But it’s not any individual accolades that Collins is most concerned with.

“I wanna catch some more dubs,” she says.

Collins drives to the basket against Wichita State earlier this season. (Courtesy of Wichita State)

That mentality is what fueled Collins to lead her high school team to an unbeaten season as a senior; it’s what Sardin referred to when she called Collins a “fierce competitor” upon signing her; it’s what prompted Collins to apologize for a loss to the league’s best team during an interview for this piece.

The true test of that desire to win comes when no one is watching — when the scoreboard is off and the cameras aren’t rolling. It was one of those times, after Collins injured her ankle during a summer workout, that Sardin saw who her top recruit could become.

“She wasn’t going to say a word, just fight through the pain,” Sardin says. “It really bothered her not being able to practice or go full in summer training for a few days. At that moment, I knew this kid was going to be special in this program and league. I’m not sure anyone else would’ve battled through the discomfort and pain she was feeling just to be out on the court training with her teammates.”

When it comes to in-game results, Collins is off to a good start: She’s led Chicago State to three more wins since that first one in November to match the program’s total from the previous five seasons combined. With a young, up-and-coming coaching savant in Sardin at the helm, there will undoubtedly be more where that came from.

As Collins continues to garner more recognition, she credits her family for where she is today. She has two older siblings, Kaela and Anthony, whom she calls her “biggest motivators,” and she attributes her love of the sport to her father, Tony. “[My dad] is very passionate about the game, and he kind of just spread that passion to me,” she says.

Aaliyah also believes Tony, who coached her during her elementary and middle school years, is responsible for her lockdown ability on the court.

“He definitely worked with me a lot on defense because he’s a big believer in defense, too,” she says. “I feel like he’s been a big part of my success in basketball.”

For as much love as Aaliyah has for her parents and siblings, however, they aren’t the ones she’s most excited to talk to when she calls home.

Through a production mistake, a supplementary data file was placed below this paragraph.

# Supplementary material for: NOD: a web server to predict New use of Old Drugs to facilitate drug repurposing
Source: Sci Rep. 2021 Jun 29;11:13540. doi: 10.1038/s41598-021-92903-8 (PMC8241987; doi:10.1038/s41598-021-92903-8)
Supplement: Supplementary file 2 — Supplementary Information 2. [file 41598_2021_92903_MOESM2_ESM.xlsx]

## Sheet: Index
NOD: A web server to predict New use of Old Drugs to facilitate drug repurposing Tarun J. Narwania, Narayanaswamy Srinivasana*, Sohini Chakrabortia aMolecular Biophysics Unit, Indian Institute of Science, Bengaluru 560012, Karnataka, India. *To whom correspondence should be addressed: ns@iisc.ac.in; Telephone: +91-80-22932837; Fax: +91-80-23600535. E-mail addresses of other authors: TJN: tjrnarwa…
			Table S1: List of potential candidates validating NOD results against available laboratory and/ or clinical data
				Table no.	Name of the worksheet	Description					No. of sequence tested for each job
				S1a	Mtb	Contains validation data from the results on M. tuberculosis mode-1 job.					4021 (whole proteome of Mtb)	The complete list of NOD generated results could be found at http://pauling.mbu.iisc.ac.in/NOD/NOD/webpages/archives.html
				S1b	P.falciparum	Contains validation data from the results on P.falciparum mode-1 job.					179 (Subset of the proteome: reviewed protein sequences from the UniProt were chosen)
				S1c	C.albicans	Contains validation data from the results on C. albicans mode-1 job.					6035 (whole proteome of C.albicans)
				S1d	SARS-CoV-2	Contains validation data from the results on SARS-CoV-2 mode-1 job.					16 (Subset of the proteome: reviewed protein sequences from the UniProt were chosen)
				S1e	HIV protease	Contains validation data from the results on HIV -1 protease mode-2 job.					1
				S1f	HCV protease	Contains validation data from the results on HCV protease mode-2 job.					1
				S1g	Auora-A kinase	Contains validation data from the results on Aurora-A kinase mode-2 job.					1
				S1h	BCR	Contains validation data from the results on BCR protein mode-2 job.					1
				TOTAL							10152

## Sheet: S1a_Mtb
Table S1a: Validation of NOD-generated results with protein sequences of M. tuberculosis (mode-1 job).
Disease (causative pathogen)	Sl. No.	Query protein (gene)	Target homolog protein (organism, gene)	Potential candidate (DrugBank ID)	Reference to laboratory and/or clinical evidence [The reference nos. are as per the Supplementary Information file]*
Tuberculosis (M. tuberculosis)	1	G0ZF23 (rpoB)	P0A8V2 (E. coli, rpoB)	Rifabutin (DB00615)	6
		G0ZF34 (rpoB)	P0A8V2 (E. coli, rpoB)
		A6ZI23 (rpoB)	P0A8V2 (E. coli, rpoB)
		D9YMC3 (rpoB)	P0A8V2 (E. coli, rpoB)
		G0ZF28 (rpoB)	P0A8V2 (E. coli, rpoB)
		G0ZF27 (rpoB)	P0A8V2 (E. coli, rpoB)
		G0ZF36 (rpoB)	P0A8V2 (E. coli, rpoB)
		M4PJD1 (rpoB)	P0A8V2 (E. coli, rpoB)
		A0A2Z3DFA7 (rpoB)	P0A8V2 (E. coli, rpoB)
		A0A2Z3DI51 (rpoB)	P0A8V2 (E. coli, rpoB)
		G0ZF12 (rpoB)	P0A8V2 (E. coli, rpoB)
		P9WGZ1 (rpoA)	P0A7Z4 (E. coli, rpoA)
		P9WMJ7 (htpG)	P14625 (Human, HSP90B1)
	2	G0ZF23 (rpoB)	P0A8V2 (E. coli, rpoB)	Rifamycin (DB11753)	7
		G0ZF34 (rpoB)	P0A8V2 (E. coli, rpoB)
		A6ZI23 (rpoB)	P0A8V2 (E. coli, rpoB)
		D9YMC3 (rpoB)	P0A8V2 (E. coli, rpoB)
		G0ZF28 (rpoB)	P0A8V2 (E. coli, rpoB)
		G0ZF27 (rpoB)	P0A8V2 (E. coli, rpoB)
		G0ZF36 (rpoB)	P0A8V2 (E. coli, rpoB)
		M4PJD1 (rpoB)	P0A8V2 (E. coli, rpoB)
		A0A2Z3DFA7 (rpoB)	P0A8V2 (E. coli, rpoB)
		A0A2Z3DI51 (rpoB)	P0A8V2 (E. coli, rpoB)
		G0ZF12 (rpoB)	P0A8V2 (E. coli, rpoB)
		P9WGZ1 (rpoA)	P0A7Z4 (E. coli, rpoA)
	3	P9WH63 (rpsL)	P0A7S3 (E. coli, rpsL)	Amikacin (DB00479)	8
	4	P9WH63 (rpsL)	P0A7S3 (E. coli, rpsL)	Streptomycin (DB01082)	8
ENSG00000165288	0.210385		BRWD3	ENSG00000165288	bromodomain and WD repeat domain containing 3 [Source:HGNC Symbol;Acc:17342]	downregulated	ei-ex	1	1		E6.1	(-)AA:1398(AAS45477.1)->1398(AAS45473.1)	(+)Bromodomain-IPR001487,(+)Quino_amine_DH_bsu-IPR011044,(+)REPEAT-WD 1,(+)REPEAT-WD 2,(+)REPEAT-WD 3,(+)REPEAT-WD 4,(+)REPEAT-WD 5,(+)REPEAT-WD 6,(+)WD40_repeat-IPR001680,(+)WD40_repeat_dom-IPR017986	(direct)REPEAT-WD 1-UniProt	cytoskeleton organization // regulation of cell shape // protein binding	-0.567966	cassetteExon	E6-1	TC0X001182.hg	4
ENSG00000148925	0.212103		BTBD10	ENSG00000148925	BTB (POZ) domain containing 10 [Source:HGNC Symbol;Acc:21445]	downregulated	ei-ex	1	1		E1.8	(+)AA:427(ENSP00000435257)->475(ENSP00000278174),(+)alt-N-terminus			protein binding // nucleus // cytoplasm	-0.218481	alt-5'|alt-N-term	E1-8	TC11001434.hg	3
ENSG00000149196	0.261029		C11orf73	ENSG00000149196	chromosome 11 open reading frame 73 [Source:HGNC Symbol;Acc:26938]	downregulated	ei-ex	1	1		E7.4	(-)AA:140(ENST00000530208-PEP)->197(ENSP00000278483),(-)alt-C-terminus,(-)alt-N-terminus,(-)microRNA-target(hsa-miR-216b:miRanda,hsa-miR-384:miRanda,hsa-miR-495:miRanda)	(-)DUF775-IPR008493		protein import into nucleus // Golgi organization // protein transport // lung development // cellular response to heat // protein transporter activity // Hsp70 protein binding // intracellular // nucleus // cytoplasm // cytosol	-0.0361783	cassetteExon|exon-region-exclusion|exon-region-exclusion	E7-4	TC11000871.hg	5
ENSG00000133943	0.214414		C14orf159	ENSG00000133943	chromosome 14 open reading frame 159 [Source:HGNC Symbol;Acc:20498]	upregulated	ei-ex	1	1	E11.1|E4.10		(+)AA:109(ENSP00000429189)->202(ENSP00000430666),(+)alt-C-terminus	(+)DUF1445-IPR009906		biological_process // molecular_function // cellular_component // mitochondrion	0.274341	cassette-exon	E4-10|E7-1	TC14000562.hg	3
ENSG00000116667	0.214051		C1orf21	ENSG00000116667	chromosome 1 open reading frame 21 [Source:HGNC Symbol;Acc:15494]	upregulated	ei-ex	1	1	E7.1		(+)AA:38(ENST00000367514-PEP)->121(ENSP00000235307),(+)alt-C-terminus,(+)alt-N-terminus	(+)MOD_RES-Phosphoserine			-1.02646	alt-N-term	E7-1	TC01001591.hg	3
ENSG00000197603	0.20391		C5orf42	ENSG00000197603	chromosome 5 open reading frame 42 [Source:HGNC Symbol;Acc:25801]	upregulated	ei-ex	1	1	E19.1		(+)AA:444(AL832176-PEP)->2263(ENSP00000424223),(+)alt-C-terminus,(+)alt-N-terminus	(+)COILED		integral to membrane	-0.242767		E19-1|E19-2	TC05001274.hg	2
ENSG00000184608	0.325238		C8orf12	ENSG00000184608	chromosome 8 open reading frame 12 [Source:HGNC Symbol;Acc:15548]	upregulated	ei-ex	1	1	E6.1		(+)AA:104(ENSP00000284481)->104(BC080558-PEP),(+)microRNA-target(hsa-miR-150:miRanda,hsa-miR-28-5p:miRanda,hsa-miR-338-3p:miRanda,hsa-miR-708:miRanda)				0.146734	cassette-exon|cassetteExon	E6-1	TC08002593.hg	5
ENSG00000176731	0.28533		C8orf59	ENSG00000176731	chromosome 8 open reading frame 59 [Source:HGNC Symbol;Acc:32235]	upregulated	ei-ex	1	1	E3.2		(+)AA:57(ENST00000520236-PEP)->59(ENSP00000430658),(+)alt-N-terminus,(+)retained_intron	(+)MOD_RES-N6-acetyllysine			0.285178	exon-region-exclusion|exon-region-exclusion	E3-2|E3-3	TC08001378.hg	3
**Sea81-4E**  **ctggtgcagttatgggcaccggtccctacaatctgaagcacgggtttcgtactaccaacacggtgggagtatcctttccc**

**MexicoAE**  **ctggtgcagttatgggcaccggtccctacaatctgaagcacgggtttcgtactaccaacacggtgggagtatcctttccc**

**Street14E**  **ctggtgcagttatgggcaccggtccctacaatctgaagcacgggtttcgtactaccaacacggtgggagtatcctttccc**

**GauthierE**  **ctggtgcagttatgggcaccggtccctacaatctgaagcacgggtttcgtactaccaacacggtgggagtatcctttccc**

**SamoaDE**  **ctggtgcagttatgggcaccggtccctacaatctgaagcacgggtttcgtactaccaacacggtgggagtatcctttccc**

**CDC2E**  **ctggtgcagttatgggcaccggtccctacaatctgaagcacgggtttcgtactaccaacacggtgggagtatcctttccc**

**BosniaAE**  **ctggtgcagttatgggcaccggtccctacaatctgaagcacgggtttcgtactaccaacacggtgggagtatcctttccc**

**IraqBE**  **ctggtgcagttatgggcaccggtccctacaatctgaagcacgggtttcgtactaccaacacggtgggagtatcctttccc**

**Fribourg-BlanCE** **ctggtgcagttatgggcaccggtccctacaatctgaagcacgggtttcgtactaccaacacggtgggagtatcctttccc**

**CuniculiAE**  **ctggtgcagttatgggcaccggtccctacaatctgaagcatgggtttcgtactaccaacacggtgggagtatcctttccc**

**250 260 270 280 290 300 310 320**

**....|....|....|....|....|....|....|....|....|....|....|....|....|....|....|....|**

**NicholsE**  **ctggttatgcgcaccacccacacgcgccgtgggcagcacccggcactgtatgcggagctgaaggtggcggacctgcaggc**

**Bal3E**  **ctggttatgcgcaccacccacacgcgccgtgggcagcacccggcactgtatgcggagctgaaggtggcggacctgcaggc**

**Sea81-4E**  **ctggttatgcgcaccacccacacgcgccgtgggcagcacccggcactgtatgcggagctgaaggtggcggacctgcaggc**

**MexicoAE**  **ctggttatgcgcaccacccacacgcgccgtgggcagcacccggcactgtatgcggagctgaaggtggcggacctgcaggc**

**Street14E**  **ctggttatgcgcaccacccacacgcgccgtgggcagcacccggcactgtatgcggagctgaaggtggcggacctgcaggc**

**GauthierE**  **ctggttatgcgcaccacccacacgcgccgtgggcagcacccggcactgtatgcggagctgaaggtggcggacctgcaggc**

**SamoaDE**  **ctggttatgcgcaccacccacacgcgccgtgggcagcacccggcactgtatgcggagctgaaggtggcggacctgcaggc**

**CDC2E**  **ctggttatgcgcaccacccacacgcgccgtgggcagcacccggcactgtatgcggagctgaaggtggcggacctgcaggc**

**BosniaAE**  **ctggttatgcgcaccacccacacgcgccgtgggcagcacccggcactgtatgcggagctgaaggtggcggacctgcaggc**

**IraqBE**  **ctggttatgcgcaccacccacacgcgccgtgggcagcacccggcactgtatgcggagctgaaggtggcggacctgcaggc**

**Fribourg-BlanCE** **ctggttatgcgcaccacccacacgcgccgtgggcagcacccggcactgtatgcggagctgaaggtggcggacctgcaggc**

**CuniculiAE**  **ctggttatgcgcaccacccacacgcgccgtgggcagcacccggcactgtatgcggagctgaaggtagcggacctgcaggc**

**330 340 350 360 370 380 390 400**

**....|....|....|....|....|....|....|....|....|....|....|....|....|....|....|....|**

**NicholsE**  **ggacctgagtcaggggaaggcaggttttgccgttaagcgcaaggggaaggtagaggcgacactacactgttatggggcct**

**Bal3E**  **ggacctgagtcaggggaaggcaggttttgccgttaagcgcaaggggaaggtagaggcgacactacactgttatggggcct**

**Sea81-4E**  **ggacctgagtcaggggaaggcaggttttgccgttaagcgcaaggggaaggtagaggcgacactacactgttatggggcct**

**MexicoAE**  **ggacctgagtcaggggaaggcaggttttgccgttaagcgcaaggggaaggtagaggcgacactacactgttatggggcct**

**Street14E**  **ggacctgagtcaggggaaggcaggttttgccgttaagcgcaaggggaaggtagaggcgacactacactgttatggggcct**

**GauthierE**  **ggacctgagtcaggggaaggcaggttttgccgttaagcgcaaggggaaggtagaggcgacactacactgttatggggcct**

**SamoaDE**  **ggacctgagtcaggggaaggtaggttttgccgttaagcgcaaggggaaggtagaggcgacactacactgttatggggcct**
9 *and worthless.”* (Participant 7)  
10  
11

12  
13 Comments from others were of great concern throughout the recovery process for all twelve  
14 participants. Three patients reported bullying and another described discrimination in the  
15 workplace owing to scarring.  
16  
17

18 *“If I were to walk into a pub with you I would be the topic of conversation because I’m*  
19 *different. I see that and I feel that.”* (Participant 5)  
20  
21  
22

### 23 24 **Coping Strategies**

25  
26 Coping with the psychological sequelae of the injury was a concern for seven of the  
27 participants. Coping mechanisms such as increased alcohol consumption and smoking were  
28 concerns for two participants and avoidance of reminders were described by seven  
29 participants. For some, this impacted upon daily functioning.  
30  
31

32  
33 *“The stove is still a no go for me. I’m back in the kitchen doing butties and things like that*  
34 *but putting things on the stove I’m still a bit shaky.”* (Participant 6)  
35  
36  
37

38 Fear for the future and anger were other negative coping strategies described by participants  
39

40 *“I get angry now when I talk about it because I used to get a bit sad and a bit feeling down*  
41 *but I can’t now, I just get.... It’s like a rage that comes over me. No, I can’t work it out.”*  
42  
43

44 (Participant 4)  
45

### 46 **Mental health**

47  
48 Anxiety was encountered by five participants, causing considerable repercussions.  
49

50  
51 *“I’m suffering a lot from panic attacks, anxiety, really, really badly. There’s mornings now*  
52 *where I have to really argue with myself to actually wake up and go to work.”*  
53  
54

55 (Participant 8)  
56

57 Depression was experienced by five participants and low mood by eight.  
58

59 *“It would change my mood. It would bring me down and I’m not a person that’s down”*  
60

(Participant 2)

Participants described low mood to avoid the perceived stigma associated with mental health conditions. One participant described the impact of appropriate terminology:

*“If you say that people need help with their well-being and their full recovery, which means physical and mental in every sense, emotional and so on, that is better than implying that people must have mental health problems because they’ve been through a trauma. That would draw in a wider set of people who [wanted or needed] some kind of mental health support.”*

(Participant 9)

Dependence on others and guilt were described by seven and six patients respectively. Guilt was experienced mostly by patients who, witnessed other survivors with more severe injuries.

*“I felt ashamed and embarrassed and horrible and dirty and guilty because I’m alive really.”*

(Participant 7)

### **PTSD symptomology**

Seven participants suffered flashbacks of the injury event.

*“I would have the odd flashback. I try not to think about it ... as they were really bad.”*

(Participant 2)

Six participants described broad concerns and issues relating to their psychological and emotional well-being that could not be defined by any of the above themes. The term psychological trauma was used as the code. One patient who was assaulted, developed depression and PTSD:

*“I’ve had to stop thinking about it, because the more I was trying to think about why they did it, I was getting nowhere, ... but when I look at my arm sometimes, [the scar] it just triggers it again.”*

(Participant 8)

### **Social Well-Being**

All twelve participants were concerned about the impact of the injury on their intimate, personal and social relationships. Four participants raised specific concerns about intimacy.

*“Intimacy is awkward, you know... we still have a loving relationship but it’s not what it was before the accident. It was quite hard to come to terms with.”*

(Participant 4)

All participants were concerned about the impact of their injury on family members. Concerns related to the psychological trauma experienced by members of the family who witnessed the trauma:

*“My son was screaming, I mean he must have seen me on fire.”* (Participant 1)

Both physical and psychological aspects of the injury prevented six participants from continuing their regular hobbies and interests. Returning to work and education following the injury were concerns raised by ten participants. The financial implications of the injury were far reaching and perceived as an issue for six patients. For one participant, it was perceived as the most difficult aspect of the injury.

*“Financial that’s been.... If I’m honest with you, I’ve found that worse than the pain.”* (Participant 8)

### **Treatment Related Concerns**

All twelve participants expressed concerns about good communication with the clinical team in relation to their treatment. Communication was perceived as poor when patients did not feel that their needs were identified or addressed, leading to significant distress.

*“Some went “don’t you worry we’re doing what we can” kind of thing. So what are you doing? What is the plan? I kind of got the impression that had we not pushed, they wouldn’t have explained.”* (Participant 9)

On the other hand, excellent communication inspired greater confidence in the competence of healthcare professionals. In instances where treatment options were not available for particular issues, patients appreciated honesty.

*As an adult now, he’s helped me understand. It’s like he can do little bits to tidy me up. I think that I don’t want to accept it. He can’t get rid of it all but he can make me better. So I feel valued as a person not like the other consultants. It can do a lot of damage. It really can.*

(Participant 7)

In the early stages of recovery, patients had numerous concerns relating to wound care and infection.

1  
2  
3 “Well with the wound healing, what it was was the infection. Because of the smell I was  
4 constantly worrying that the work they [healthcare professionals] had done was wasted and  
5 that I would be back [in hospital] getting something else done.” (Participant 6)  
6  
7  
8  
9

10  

“Sometimes I’ll be calling my parents, and I’ll be like, ‘Where are the cats?’” she says. “Before even really talking to [my parents] I wanna see the cats please!”

That Collins ended up wearing a cougar on her jersey is fitting. Collins’ enthusiasm for her three cats (“those are my babies,” she says) is emblematic of what sets her apart — an ebullient energy that shines through in her play.

That same energy carries over into Collins’ fandom. The native of Snohomish, Wash. pulls for the Seattle Storm — an appropriate choice for a player with shades of former Storm guard Jordin Canada in her game.

Like Canada, Collins hangs her hat on the defensive side of the ball. While her jump shot is a work in progress — ”I have been in the gym day in, day out working on that,” she says — she’s already producing on the offensive end, as well. She’s averaged over 20 points per game in the team’s wins, including 25 against the Badgers in Madison.

(Kena Krustinger for Chicago State Athletics)

It takes an exceptional coach to turn around a losing team, but seemingly every great sports rebuilding story is co-authored by a star athlete, a “face of the franchise” type of player with the perfect blend of talent and personality to elevate both a program’s performance and its marketability. Steve Kerr and Steph Curry took the Warriors from one playoff appearance in 18 years to perennial contenders; Brad Underwood and Ayo Dosunmu brought Illinois men’s basketball back to prominence after years of irrelevance; Adia Barnes and Aari McDonald led Arizona to last year’s national title game three years removed from a 6-24 season.

Chicago State is still climbing the front end of the mountain, but Sardin may have found her Aari McDonald in Aaliyah Collins. So for the first time in recent memory, there is hope for the program on the South Side of Chicago. Hope that behind Sardin, Collins and company, the Cougars are well on their way to “catching some more dubs.”

Calvin Wetzel is a contributing writer at Just Women’s Sports, covering basketball and betting. He also contributes to Her Hoop Stats, CBS SportsLine and FiveThirtyEight. Follow him on Twitter at @cwetzel31.